The highlight of the film is its fantastic final sequence. Jason is terrifying and determined to get rid of Tommy once and for all. There is only one thing that doesn’t quite make sense to me : Jason doesn’t mind the water at all ; I expected him to be reluctant and maybe even scared to walk into the lake where he drowned as a child (or didn’t drown, who knows). Apart from this detail, the scene is great. I’ve never been really scared of Jason, that was until I saw him underwater. What a great conclusion ! This is my favourite ending to a Friday the 13th film so far.

I highly recommend Jason Lives as it is one of the best entries in the franchise. I still enjoy The Final Chapter a little bit more but this one is a close second.

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Review : Friday the 13th Part V : A New Beginning (1985)

The fifth installment in the Friday the 13th franchise, directed by Danny Steinmann, was released in 1985. The Final Chapter was not final at all and A New Beginning is neither a novelty nor the beginning of anything. Warning : this review contains major spoiler so if you haven’t seen the film yet, please stop reading.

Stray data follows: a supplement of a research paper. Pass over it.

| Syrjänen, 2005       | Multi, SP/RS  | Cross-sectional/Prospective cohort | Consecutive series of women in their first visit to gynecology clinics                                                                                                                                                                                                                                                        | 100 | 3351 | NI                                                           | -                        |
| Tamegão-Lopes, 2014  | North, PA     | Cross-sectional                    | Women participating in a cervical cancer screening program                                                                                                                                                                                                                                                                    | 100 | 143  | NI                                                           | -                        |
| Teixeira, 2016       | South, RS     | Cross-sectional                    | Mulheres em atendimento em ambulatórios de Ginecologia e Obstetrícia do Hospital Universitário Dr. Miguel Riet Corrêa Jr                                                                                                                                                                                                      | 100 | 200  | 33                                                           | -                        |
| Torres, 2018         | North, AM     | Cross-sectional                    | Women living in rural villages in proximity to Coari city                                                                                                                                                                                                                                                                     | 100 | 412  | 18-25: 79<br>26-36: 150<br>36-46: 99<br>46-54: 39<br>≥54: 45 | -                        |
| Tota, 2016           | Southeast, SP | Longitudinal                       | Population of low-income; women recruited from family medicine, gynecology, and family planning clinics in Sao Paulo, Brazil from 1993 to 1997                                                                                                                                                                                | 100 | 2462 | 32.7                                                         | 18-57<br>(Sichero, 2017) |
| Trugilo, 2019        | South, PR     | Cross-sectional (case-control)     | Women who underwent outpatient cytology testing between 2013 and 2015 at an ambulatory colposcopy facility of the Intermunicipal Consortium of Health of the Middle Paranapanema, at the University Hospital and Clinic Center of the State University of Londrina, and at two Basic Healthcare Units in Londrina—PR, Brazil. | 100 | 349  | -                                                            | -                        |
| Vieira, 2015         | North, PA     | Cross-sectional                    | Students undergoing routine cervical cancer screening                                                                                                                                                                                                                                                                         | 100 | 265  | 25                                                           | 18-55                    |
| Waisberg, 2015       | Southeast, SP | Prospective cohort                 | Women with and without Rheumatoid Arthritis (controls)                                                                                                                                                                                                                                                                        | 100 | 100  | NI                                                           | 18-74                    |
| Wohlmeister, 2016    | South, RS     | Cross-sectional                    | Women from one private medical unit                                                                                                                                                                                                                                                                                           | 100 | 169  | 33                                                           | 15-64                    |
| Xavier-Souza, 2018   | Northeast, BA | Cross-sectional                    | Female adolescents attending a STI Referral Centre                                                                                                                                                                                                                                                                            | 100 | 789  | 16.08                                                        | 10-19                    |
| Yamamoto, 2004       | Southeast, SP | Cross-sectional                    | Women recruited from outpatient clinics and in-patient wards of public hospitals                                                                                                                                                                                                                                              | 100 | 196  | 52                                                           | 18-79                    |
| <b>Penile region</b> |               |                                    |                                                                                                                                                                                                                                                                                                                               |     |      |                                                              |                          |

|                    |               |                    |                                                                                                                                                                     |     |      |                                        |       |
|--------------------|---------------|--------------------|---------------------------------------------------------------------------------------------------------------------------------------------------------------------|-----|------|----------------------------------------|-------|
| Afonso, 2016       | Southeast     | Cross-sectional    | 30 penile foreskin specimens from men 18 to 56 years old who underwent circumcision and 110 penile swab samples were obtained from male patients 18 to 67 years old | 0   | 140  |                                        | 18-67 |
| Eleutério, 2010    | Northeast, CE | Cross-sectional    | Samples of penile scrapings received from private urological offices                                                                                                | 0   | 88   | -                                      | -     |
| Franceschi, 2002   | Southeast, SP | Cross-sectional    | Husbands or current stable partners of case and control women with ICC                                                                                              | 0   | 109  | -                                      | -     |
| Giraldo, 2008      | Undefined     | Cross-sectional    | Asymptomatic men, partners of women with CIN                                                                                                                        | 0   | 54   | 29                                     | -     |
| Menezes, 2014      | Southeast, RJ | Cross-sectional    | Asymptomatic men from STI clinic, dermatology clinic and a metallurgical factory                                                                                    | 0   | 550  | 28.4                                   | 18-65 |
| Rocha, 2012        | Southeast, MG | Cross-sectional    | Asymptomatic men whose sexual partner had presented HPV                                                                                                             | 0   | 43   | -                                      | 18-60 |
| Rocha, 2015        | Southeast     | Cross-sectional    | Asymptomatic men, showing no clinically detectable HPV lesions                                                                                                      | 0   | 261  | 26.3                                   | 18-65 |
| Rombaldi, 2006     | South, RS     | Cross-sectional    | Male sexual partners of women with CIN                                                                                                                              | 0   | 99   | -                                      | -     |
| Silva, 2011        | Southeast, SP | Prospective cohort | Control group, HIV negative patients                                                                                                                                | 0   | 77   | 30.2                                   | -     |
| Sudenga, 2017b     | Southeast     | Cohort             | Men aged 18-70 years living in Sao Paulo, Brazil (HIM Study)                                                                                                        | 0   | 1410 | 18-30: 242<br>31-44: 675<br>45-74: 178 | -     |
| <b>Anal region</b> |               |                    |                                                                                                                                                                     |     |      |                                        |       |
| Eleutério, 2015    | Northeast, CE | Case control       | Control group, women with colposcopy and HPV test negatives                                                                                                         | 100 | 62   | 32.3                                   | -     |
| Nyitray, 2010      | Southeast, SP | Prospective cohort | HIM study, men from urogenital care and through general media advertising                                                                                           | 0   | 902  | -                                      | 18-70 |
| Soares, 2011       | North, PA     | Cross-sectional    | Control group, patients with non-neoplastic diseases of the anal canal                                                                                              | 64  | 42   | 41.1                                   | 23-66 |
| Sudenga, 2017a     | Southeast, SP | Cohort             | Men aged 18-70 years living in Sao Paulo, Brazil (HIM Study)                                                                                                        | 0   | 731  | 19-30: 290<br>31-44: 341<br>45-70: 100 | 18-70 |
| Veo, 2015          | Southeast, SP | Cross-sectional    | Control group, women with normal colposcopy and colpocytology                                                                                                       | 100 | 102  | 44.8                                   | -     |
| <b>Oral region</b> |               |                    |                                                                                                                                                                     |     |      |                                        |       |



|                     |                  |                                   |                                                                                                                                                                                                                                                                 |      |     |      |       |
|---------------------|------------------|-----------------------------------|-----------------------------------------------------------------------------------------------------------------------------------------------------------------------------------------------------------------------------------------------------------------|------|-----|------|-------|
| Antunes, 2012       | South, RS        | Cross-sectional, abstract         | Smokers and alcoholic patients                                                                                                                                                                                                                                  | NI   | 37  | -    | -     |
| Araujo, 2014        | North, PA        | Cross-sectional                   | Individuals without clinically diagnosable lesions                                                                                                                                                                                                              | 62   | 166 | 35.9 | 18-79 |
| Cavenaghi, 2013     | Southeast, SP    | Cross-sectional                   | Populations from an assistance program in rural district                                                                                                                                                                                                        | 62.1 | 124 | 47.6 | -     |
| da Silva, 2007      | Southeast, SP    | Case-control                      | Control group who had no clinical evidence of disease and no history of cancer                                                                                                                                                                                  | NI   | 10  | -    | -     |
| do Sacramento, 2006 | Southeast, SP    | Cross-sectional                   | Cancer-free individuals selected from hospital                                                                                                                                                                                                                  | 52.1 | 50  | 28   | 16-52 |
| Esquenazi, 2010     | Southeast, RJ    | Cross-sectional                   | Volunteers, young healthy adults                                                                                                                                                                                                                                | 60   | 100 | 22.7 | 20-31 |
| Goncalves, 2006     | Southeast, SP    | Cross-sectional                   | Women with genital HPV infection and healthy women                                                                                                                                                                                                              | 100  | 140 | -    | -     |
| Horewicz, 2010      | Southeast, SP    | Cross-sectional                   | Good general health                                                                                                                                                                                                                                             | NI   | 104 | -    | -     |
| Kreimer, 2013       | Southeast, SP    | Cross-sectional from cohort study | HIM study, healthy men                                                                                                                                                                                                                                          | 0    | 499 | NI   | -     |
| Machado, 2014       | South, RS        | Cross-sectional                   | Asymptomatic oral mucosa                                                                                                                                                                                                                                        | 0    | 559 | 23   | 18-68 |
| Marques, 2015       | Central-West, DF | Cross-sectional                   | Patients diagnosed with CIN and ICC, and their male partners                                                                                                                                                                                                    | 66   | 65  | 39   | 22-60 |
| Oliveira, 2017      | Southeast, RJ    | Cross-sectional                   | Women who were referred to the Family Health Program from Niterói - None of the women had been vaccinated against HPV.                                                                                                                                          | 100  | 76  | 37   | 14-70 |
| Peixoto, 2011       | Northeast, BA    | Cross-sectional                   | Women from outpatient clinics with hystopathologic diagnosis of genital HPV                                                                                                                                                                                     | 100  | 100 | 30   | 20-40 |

A New Beginning has a strong and promising opening sequence : Tommy Jarvis goes to the cemetery where Jason Voorhees is buried. However, two men arrive at the same time and dig the grave. Jason awakens and kills them both before slowly moving towards Tommy. As he is about to strike him with his machete…Tommy wakes up from his nightmare ! Tommy is now a teenager and after spending time in a mental institution following the events of The Final Chapter, he is sent to a halfway house (some sort of treatment center for troubled teenagers, I suppose). Soon after his arrival, one angry teenager kills another for the dumbest reason in history : Joey, who has a mild mental disability, is annoying and tells Vic that he is out of line….which is apparently enough to receive multiple hatchet blows. Vic is arrested but the murders don’t stop there….Jason Voorhees is back…or is he ?